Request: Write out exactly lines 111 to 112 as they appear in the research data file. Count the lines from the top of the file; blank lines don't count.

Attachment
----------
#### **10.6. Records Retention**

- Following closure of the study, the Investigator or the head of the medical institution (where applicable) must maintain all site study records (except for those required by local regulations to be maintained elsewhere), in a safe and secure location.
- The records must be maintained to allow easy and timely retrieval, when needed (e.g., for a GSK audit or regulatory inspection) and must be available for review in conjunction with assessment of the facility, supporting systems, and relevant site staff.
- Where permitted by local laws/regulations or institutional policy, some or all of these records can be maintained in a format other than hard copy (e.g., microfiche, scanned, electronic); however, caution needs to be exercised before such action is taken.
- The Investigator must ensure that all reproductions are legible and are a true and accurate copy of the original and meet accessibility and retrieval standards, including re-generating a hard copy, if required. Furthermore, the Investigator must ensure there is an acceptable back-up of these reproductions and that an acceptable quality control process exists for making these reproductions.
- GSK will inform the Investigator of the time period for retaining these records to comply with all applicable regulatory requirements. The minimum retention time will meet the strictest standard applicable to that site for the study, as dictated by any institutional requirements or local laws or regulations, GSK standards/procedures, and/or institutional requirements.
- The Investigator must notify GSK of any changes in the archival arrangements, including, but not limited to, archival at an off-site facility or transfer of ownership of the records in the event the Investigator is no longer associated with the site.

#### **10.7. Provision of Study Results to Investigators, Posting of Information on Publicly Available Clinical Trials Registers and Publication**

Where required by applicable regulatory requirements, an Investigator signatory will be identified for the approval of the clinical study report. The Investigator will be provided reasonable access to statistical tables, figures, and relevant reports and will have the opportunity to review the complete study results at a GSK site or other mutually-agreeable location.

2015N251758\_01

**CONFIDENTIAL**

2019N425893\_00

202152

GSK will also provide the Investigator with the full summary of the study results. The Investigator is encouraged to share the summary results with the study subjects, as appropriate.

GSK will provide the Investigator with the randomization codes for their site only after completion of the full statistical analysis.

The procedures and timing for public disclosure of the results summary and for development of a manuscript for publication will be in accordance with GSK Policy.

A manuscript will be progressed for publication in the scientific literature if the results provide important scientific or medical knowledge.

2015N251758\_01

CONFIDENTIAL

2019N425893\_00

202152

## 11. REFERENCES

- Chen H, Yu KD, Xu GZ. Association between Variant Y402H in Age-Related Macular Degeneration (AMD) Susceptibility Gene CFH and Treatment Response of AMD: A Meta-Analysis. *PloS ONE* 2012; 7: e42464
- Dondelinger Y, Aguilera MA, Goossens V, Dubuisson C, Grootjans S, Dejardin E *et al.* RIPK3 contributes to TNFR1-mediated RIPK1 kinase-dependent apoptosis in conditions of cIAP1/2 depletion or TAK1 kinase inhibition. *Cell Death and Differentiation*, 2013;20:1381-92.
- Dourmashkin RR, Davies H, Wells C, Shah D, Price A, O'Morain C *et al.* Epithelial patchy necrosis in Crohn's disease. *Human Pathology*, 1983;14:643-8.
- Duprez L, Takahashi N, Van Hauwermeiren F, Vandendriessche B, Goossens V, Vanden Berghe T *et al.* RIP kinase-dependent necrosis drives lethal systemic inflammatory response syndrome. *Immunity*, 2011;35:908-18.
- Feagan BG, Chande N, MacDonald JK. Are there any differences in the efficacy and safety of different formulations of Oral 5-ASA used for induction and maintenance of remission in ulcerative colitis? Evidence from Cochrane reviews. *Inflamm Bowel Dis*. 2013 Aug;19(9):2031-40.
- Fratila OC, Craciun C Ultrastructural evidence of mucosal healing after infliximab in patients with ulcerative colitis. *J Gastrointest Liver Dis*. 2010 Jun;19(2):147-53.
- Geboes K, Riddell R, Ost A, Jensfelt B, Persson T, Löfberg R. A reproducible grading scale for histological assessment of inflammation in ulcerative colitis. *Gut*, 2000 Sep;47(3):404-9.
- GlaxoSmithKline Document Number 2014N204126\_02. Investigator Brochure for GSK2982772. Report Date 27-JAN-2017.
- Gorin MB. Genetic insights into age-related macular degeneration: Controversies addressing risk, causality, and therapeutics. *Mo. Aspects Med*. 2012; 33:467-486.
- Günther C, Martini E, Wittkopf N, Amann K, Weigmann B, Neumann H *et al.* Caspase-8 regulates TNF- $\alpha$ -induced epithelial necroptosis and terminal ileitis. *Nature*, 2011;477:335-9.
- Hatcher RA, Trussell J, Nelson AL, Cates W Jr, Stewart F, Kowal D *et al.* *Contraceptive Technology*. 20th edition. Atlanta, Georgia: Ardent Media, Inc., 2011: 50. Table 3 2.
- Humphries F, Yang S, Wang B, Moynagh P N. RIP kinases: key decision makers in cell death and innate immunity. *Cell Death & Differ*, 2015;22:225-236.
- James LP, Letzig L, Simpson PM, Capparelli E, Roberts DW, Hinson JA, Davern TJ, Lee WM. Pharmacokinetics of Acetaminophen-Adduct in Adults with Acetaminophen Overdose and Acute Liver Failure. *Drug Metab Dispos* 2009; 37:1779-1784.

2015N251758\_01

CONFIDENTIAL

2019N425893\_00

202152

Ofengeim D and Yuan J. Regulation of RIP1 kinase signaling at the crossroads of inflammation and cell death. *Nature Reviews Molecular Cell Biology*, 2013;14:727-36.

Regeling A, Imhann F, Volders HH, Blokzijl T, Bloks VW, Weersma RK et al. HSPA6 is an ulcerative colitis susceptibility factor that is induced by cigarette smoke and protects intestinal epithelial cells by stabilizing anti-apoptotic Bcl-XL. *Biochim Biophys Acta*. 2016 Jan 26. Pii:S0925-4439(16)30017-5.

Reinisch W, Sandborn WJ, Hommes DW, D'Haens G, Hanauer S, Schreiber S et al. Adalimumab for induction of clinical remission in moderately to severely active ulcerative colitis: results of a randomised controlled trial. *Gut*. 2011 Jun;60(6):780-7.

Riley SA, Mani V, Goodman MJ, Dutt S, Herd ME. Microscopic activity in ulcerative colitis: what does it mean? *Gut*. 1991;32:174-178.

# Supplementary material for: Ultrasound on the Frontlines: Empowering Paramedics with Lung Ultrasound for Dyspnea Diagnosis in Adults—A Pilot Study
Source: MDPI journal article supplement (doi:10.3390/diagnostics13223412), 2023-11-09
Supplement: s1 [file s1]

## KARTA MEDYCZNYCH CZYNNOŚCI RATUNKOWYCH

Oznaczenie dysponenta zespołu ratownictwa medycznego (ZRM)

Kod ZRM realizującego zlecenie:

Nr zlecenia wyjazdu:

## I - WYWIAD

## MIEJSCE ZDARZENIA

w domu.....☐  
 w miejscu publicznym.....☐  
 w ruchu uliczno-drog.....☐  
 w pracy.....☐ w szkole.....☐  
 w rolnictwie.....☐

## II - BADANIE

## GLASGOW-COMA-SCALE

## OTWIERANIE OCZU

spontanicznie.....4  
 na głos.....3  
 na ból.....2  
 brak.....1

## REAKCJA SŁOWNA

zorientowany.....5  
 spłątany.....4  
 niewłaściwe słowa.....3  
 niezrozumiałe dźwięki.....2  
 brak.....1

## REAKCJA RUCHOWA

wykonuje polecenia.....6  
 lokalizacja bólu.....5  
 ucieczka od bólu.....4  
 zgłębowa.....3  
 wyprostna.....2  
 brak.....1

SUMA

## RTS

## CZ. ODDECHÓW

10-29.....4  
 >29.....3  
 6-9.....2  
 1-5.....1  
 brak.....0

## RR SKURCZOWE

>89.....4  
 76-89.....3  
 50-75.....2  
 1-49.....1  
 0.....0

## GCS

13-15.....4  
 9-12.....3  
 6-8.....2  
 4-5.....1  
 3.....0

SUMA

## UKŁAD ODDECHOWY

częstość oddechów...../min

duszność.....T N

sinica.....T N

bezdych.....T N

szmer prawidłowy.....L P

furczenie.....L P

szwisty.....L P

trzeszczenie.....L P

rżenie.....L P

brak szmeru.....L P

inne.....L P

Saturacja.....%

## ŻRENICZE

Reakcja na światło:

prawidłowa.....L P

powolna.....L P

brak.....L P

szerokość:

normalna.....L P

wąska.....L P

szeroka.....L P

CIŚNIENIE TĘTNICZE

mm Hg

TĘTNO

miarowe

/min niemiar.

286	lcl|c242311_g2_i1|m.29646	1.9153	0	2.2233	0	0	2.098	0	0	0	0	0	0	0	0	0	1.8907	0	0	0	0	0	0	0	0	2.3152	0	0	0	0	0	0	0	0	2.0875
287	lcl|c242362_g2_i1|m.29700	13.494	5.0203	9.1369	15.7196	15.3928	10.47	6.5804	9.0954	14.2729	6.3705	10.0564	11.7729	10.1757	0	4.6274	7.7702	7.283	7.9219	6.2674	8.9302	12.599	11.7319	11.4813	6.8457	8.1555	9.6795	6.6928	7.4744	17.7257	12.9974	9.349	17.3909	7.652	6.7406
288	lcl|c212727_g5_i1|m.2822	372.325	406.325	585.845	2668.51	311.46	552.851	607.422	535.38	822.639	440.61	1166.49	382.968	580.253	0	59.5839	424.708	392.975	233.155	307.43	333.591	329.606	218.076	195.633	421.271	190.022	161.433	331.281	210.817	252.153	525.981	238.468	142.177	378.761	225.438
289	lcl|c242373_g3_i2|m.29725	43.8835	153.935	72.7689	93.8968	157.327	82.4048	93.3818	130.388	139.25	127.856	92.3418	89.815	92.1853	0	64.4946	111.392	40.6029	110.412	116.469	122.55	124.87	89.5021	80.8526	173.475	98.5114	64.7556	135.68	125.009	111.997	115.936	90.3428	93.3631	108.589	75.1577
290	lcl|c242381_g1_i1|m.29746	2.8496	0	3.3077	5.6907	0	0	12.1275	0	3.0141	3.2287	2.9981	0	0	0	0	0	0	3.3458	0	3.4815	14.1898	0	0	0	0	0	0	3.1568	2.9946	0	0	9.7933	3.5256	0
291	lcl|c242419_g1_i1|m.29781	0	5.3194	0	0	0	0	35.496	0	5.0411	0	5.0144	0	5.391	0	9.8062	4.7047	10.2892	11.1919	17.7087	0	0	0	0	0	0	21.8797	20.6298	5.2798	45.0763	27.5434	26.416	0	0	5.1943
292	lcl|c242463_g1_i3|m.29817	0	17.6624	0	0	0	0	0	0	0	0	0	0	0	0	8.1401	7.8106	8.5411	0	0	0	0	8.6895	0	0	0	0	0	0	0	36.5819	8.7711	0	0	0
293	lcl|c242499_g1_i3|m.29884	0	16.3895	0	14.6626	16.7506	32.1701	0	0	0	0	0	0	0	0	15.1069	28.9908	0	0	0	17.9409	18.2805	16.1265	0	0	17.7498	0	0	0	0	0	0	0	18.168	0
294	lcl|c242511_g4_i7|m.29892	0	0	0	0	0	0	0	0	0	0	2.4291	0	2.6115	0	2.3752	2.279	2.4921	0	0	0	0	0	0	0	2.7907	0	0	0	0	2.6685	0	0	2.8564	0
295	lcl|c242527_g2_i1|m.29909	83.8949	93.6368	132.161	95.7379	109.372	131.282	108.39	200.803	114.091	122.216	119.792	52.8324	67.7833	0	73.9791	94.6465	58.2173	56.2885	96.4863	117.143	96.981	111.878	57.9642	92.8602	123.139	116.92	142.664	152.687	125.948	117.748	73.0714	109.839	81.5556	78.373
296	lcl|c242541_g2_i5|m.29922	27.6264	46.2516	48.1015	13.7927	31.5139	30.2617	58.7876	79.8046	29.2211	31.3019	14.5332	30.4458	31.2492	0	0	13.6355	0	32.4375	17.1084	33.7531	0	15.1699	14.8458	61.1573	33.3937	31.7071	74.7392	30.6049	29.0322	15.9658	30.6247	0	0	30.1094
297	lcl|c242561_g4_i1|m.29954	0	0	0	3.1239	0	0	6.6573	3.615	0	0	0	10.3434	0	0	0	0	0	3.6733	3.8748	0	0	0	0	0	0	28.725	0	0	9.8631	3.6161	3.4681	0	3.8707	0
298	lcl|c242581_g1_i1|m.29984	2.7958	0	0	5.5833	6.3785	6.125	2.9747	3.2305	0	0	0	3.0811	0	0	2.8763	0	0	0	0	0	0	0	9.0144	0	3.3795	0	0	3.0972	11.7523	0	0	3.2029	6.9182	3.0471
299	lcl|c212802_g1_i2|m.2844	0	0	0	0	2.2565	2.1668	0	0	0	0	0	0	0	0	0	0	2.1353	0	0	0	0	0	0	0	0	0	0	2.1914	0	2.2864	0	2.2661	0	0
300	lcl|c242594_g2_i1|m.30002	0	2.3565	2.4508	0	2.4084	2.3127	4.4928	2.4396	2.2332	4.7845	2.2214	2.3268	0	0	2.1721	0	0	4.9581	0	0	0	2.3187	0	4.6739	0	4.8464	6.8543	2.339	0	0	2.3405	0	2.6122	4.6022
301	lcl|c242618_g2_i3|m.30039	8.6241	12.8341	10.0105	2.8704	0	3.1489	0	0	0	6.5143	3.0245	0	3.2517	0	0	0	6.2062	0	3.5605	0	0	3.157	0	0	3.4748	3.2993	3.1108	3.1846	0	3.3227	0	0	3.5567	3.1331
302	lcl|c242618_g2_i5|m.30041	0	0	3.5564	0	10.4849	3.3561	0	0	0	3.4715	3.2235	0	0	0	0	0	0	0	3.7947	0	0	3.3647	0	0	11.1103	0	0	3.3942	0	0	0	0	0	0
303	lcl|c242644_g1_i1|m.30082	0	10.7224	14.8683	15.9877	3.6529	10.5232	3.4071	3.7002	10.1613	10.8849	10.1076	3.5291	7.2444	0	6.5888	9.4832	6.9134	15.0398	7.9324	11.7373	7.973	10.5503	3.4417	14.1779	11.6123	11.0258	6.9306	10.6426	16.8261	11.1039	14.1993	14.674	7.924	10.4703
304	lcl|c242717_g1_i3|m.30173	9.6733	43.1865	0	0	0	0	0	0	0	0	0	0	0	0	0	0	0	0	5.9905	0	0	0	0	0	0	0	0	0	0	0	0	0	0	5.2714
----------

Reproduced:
Saturacja.....%

## ŻRENICZE